To achieve standardisation across products and asset classes, the CDM identifies logical components that fulfil the same function and normalises them, even when those components may be named and treated differently in the context of their respective markets. By helping to remove inefficiencies that siloed IT environments can create (e.g. different systems dealing with cash, listed, financing and derivative trades make it harder to manage aggregated positions), such design reaffirms the goal of creating an inter-operable ecosystem for the processing of transactions across asset classes.

An example of this approach is the normalisation of the concepts of quantity, price and party in the representation of financial transactions. The CDM identifies that, regardless of the asset class or product type, a financial transaction always involves two counterparties trading (i.e. buying or selling) a certain financial product in a specific quantity and at a specific price. Both quantity and price are themselves a type of measure, i.e. an amount expressed in a specific unit which could be a currency, a number of shares or barrels, etc. An exchange rate between currencies, or an interest rate, also fit that description and are represented as prices.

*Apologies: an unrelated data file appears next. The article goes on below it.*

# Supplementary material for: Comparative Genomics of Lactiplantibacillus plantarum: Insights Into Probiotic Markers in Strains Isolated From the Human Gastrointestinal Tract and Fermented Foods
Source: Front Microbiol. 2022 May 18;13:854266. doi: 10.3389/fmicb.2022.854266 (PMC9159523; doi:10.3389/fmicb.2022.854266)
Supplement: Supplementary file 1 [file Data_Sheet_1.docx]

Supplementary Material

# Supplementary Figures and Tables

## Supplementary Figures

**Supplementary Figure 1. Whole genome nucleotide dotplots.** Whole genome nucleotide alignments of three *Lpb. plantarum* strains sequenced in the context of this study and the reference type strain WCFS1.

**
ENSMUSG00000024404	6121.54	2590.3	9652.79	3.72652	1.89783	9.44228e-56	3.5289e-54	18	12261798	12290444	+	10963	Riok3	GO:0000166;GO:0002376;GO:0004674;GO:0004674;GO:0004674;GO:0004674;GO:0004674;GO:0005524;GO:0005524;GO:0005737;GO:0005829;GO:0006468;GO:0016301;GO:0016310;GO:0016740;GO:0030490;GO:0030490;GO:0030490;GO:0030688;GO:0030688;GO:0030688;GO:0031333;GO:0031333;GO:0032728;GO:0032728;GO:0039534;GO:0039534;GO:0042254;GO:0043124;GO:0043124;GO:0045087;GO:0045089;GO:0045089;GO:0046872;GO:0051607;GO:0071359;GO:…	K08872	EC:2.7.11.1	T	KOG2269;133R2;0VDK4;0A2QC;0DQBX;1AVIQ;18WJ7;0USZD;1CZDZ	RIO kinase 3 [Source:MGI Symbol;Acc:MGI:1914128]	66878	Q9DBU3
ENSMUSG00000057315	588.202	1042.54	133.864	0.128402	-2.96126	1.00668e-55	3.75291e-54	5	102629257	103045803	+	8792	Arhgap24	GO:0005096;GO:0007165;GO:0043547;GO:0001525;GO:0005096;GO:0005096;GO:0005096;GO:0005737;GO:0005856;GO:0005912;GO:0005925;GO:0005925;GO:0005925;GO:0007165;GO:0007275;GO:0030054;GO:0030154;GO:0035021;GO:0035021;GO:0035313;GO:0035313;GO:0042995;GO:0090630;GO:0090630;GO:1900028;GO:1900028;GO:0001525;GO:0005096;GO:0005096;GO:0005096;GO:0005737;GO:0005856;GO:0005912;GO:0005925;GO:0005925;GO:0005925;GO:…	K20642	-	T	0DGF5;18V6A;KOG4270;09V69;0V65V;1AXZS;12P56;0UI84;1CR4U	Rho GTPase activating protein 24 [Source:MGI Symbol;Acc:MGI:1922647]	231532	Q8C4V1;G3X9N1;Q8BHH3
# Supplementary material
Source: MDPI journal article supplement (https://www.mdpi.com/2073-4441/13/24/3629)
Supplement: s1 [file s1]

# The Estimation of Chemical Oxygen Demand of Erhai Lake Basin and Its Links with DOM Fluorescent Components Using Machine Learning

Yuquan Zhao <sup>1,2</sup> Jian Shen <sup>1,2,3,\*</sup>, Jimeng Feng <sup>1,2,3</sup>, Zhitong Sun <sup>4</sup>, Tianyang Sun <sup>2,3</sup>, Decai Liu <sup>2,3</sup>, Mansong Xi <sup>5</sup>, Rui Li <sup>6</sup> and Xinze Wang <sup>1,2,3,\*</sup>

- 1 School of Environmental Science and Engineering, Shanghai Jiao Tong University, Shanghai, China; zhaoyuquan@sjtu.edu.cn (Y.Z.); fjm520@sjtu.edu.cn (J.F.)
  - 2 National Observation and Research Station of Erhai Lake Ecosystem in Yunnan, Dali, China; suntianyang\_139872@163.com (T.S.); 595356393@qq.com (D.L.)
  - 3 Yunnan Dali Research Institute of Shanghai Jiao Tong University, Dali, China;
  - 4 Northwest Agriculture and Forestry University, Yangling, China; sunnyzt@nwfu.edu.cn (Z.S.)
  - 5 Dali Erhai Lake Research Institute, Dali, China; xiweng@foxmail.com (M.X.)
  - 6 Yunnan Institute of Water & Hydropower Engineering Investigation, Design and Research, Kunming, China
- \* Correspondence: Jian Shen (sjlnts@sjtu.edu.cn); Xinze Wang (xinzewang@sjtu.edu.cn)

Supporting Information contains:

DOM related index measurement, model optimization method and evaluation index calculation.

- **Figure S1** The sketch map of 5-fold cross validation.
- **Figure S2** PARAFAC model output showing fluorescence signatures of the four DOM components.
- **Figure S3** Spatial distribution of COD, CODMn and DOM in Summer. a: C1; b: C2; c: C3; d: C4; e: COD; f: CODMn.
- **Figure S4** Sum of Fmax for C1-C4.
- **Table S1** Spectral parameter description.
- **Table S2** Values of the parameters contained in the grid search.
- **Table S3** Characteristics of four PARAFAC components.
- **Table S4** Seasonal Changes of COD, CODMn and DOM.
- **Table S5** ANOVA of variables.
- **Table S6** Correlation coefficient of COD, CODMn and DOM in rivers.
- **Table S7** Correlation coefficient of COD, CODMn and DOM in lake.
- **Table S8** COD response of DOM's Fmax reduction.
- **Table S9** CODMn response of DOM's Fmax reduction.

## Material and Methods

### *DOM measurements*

This approach means that a single logical concept such as quantity represents concepts that may be named and captured differently across markets: e.g. notional or principal amount etc. This in turn allows to normalise processes that depend on this concept: for instance, how to perform an allocation (essentially a split of the quantity of a transaction into several sub-transactions) or an unwind, instead of specialised IT systems handling it differently for each asset class.

It is imperative that any request to add new model components or extend existing ones is analysed against existing components to find patterns that should be factored into common components and avoid specialising the model according to each use case. For instance, in the model for averaging options (often used for commodity products, whereby multiple price observations are averaged through time to be compared to the option’s strike price), the components are built and named such that they can be re-used across asset classes.

Composability

To ensure re-usability across different markets, the CDM is designed as a composable model whereby financial objects can be constructed bottom-up based on building-block components. A composable and modular approach allows for a streamlined model to address a broad scope of operational processes consistently across firms’ front-to-back flows and across asset classes. The main groups of composable components are:

  • Financial products: e.g. the same option component is re-used to describe option payouts across any asset class, rather than having specialised Swaption, Equity Option or FX option etc. components.